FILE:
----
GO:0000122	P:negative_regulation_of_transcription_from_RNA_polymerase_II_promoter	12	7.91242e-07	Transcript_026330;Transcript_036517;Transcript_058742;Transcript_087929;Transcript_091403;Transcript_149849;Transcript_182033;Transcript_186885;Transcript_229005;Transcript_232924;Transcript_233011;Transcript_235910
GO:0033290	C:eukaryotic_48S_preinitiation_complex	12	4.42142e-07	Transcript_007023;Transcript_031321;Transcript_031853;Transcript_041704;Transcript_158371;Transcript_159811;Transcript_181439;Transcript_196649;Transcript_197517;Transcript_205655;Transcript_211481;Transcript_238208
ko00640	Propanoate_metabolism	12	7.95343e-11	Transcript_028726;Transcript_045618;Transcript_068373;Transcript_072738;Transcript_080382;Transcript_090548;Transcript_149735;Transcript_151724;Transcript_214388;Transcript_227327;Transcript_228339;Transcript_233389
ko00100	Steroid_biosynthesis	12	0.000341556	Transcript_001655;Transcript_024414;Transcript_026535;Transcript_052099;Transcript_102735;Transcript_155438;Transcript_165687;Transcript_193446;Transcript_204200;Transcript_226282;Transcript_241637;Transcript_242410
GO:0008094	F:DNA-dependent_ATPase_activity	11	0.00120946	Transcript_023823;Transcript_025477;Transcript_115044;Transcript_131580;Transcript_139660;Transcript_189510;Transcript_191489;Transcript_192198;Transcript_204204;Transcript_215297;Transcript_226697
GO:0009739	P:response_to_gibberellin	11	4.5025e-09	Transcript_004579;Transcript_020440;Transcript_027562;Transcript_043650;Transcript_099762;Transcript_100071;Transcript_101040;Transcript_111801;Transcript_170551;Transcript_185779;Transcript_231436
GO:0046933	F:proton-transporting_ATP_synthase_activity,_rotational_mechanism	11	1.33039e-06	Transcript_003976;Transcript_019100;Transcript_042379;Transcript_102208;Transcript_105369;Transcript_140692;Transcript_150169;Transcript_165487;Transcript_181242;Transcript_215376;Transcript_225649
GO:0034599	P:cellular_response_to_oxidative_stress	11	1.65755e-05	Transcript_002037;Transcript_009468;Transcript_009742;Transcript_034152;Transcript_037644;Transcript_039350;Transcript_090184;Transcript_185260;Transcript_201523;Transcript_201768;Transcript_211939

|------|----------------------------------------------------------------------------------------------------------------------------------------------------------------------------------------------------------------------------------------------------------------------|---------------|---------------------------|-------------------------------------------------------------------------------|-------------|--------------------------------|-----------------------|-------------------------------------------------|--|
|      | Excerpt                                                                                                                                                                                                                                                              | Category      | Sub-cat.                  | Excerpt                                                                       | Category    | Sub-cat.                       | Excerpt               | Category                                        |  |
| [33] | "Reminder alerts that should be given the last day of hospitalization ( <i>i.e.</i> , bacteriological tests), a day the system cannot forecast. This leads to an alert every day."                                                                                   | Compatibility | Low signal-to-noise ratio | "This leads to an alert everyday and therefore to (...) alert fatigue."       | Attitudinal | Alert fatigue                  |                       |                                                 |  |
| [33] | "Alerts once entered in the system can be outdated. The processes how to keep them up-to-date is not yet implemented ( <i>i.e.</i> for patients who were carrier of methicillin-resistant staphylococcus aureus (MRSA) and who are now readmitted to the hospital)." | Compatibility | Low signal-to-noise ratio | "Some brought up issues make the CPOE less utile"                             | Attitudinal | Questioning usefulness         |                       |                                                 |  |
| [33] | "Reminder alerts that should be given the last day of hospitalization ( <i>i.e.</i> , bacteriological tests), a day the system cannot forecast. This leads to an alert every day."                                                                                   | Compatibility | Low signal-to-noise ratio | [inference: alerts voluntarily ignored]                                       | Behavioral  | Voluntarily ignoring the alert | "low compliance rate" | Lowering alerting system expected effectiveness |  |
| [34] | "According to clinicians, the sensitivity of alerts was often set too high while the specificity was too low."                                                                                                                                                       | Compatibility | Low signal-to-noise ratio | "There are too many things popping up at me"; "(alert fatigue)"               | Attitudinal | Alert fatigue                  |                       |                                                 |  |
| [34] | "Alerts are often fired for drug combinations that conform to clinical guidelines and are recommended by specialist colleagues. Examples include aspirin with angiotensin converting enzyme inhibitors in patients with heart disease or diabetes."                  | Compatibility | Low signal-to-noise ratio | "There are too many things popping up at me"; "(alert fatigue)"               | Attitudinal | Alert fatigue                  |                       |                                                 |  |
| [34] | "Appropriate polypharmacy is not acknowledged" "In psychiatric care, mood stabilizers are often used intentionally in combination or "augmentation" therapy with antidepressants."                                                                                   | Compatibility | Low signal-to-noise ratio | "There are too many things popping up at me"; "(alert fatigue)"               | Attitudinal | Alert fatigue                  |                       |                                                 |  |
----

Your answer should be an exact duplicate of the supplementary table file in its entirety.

GO:0000122	P:negative_regulation_of_transcription_from_RNA_polymerase_II_promoter	12	7.91242e-07	Transcript_026330;Transcript_036517;Transcript_058742;Transcript_087929;Transcript_091403;Transcript_149849;Transcript_182033;Transcript_186885;Transcript_229005;Transcript_232924;Transcript_233011;Transcript_235910
GO:0033290	C:eukaryotic_48S_preinitiation_complex	12	4.42142e-07	Transcript_007023;Transcript_031321;Transcript_031853;Transcript_041704;Transcript_158371;Transcript_159811;Transcript_181439;Transcript_196649;Transcript_197517;Transcript_205655;Transcript_211481;Transcript_238208
ko00640	Propanoate_metabolism	12	7.95343e-11	Transcript_028726;Transcript_045618;Transcript_068373;Transcript_072738;Transcript_080382;Transcript_090548;Transcript_149735;Transcript_151724;Transcript_214388;Transcript_227327;Transcript_228339;Transcript_233389
ko00100	Steroid_biosynthesis	12	0.000341556	Transcript_001655;Transcript_024414;Transcript_026535;Transcript_052099;Transcript_102735;Transcript_155438;Transcript_165687;Transcript_193446;Transcript_204200;Transcript_226282;Transcript_241637;Transcript_242410
GO:0008094	F:DNA-dependent_ATPase_activity	11	0.00120946	Transcript_023823;Transcript_025477;Transcript_115044;Transcript_131580;Transcript_139660;Transcript_189510;Transcript_191489;Transcript_192198;Transcript_204204;Transcript_215297;Transcript_226697
GO:0009739	P:response_to_gibberellin	11	4.5025e-09	Transcript_004579;Transcript_020440;Transcript_027562;Transcript_043650;Transcript_099762;Transcript_100071;Transcript_101040;Transcript_111801;Transcript_170551;Transcript_185779;Transcript_231436
GO:0046933	F:proton-transporting_ATP_synthase_activity,_rotational_mechanism	11	1.33039e-06	Transcript_003976;Transcript_019100;Transcript_042379;Transcript_102208;Transcript_105369;Transcript_140692;Transcript_150169;Transcript_165487;Transcript_181242;Transcript_215376;Transcript_225649
GO:0034599	P:cellular_response_to_oxidative_stress	11	1.65755e-05	Transcript_002037;Transcript_009468;Transcript_009742;Transcript_034152;Transcript_037644;Transcript_039350;Transcript_090184;Transcript_185260;Transcript_201523;Transcript_201768;Transcript_211939

|------|----------------------------------------------------------------------------------------------------------------------------------------------------------------------------------------------------------------------------------------------------------------------|---------------|---------------------------|-------------------------------------------------------------------------------|-------------|--------------------------------|-----------------------|-------------------------------------------------|--|
|      | Excerpt                                                                                                                                                                                                                                                              | Category      | Sub-cat.                  | Excerpt                                                                       | Category    | Sub-cat.                       | Excerpt               | Category                                        |  |
| [33] | "Reminder alerts that should be given the last day of hospitalization ( <i>i.e.</i> , bacteriological tests), a day the system cannot forecast. This leads to an alert every day."                                                                                   | Compatibility | Low signal-to-noise ratio | "This leads to an alert everyday and therefore to (...) alert fatigue."       | Attitudinal | Alert fatigue                  |                       |                                                 |  |
| [33] | "Alerts once entered in the system can be outdated. The processes how to keep them up-to-date is not yet implemented ( <i>i.e.</i> for patients who were carrier of methicillin-resistant staphylococcus aureus (MRSA) and who are now readmitted to the hospital)." | Compatibility | Low signal-to-noise ratio | "Some brought up issues make the CPOE less utile"                             | Attitudinal | Questioning usefulness         |                       |                                                 |  |
| [33] | "Reminder alerts that should be given the last day of hospitalization ( <i>i.e.</i> , bacteriological tests), a day the system cannot forecast. This leads to an alert every day."                                                                                   | Compatibility | Low signal-to-noise ratio | [inference: alerts voluntarily ignored]                                       | Behavioral  | Voluntarily ignoring the alert | "low compliance rate" | Lowering alerting system expected effectiveness |  |
| [34] | "According to clinicians, the sensitivity of alerts was often set too high while the specificity was too low."                                                                                                                                                       | Compatibility | Low signal-to-noise ratio | "There are too many things popping up at me"; "(alert fatigue)"               | Attitudinal | Alert fatigue                  |                       |                                                 |  |
| [34] | "Alerts are often fired for drug combinations that conform to clinical guidelines and are recommended by specialist colleagues. Examples include aspirin with angiotensin converting enzyme inhibitors in patients with heart disease or diabetes."                  | Compatibility | Low signal-to-noise ratio | "There are too many things popping up at me"; "(alert fatigue)"               | Attitudinal | Alert fatigue                  |                       |                                                 |  |
| [34] | "Appropriate polypharmacy is not acknowledged" "In psychiatric care, mood stabilizers are often used intentionally in combination or "augmentation" therapy with antidepressants."                                                                                   | Compatibility | Low signal-to-noise ratio | "There are too many things popping up at me"; "(alert fatigue)"               | Attitudinal | Alert fatigue                  |                       |                                                 |  |